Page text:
Witness to a Massacre in a Nairobi Mall
The New York Times staff photographer Tyler Hicks was nearby when gunmen opened fire at an upscale Nairobi mall, killing at least 39 people in one of the worst terrorist attacks in Kenya’s history. He was able to go inside the mall as the attack unfolded.
His conversation with James Estrin has been edited.
Q. What happened? How were you so close?
A. I was at a framing shop in an adjacent mall picking up some photographs that had been given to me as gifts by photojournalists who attended my wedding. I was very close. I didn’t have all of my equipment, just had a small camera that I always have with me in case something happens.
I ran over to the mall and I was able to photograph until my wife [Nichole Sobecki], who is also a photojournalist and was at our house, was able to collect my Kevlar helmet and professional cameras before she came to cover the news herself.
我跑向那个商场，拍摄了一些照片，直到我妻子[妮可·索贝奇 (Nichole Sobecki) ] 送来我的克维拉防弹头盔和专业相机。她也是一名摄影记者，当时在家里，把装备给我后，她自己也对这个新闻进行了报道。
When I left the framing shop, I could see right away that there was something serious going on, because there were lots of people running away from the mall. I ran over there and within minutes I could see people who had been shot in the leg or stomach from what appeared to be small arms fire being helped by other civilians. This went on for about 30 minutes.
The mall is Nairobi’s most high-end shopping center, completely up to Western standards, with movie theaters, nice cafes, supermarkets and a casino. Pretty much anything you need. I’ve been there, so I knew the layout inside.
From the beginning I wanted to get with some security forces inside the mall.
We managed to find an entrance where people who were hiding inside the mall were coming out. We ran into that service entrance and we hooked up with some police who let us stay with them as they did security sweeps clearing different stores — very much like what you see when the military enters a village. Shop to shop and aisle to aisle, looking for the shooters who were still inside.
I had a clear view in there. I could see that there were multiple bodies lying dead in the mall, some lying together just next to where they were having lunch at a cafe. It seemed everywhere you turned there was another body.
Military forces didn’t know where the militants were, so they continued to sweep through looking for them. Of course, there was the concern of I.E.D.’s or that they would throw a grenade or shoot. In the shopping mall, there was an endless amount of places that they could hide or potentially attack from.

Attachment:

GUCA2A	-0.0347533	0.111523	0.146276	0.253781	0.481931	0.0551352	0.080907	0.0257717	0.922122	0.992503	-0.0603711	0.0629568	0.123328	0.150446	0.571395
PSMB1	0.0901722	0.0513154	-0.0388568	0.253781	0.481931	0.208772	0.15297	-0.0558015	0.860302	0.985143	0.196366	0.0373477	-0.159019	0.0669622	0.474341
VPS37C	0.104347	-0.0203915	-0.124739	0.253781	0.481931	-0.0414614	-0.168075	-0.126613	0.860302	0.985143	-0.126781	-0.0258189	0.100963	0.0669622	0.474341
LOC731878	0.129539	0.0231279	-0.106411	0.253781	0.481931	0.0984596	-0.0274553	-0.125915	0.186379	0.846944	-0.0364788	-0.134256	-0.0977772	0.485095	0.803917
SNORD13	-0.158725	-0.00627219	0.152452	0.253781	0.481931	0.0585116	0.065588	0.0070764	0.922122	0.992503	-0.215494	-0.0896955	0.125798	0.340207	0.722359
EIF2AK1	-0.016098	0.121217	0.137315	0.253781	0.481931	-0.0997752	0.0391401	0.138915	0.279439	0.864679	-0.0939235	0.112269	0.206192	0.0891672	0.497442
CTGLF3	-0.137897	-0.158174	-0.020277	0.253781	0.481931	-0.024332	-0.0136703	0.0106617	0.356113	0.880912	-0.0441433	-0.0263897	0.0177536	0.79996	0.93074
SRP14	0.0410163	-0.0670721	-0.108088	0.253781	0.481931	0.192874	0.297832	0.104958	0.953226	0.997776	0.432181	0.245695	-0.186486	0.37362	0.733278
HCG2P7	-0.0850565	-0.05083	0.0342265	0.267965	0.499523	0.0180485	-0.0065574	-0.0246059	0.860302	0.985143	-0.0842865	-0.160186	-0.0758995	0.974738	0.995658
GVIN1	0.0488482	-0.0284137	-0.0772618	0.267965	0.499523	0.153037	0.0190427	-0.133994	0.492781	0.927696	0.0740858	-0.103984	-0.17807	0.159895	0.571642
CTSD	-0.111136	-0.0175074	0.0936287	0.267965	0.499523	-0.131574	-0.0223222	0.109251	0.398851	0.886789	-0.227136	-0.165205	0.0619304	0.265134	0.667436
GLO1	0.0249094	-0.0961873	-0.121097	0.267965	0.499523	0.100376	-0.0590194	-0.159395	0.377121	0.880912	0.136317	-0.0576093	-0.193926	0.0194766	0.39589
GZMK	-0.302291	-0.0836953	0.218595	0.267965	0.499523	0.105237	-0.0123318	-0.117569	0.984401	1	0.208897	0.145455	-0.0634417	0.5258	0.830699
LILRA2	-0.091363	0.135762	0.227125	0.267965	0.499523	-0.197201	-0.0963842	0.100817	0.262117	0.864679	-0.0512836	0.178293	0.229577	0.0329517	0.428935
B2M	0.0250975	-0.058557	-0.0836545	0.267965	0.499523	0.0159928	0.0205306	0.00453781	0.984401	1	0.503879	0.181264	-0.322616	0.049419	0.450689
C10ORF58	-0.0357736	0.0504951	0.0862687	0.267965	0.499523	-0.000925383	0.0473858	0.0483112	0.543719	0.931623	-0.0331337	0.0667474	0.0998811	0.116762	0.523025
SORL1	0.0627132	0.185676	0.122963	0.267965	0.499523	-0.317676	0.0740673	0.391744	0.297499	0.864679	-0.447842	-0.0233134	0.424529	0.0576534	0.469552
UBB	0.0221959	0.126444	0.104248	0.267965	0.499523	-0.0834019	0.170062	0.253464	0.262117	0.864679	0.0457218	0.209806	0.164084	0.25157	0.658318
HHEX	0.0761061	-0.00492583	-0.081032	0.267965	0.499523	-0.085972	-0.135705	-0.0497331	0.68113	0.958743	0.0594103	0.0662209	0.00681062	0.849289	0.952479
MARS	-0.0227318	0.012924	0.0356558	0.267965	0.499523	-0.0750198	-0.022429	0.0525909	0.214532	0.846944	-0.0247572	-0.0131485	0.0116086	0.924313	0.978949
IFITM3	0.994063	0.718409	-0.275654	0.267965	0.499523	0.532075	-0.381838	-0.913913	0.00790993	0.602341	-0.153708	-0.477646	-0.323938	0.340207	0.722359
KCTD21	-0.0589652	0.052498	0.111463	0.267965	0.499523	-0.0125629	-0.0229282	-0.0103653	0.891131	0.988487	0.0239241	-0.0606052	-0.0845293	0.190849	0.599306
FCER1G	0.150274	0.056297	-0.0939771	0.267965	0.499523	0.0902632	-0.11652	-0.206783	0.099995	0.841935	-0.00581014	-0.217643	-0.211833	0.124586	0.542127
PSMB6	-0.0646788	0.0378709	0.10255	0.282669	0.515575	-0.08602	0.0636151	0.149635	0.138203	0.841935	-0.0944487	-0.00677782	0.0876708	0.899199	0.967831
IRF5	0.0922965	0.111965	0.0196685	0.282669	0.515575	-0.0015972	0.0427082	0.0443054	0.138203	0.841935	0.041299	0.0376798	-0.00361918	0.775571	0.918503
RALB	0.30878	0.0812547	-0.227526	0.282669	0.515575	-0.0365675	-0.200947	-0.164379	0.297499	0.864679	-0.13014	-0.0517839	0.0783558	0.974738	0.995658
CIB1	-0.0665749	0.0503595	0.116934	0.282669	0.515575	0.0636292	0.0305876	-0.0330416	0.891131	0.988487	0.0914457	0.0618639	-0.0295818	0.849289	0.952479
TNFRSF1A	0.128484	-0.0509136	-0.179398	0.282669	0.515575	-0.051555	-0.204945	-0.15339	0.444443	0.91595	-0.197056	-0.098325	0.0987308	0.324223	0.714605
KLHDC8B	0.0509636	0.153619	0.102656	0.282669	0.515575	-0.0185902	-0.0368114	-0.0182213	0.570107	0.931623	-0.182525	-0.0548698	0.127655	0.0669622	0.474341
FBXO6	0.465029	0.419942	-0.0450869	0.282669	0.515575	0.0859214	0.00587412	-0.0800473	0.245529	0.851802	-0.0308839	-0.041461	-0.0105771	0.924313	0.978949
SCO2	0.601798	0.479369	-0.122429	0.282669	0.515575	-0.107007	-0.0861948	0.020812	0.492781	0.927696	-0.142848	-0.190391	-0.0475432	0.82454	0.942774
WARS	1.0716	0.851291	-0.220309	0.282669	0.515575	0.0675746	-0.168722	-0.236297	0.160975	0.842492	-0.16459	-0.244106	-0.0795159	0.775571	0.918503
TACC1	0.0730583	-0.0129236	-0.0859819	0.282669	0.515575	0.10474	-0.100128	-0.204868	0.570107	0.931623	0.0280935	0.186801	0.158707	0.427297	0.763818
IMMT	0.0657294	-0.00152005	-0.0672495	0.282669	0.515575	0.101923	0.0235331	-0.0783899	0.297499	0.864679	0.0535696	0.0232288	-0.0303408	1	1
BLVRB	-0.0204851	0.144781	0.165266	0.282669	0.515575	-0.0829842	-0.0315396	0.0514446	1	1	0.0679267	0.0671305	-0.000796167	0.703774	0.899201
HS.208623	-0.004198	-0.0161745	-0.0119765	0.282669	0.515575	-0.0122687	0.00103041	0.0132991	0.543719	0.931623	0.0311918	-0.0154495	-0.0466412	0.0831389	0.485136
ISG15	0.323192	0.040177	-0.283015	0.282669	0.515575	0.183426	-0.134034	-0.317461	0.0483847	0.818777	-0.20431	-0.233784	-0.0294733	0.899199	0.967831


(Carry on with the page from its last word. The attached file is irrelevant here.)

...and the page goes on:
Q. How long were you there?
A. I was around the mall for the better part of the day. I was inside the mall for about two hours.
Q. What exactly was unfolding in front of you during those two hours?
A. We were with one group of police for most of the time. There were moments when I branched out. If you had to stop, and they continued, you would be in the mall, completely alone, without anyone knowing where these gunmen were. So it was important to make the commitment to stay with them. They moved from place to place, sometimes running, sometimes having to clear areas around corners, where they couldn’t see around the corner, and it looked very much like a military operation inside.
They had two objectives as far as I could see: one was to try to find the militants. And two, to get civilians out of the mall. There were many civilians who had barricaded themselves inside shops, inside the movie theater, inside restaurants, inside a beauty salon — it seemed like everywhere you went, there were more people who just appeared out of the woodwork.
Q. You didn’t see any of the shooters, either dead or alive?
A. No, I didn’t see any of the militants. I only saw the casualties and the fatalities. I estimate I saw between 10 and 12 people who had been killed.
Q. What are you thinking at this point? Is covering a terrorist attack where you live different than covering war in Afghanistan or Syria?
A. When something of this magnitude happens, it’s just as dangerous, if not more dangerous than being in Afghanistan or any other number of countries where there are wars going on. You have to think about where you’re standing, you have to think about where you have cover, the type of obstacles you can place between you and potential gunmen. A lot of the same rules apply when they’re sweeping through a building like that.
This is just plain and simple murder of unarmed civilians. It’s not a war. These militants went into the mall and executed people: women and children, anyone who got in their path. That’s not typical of war.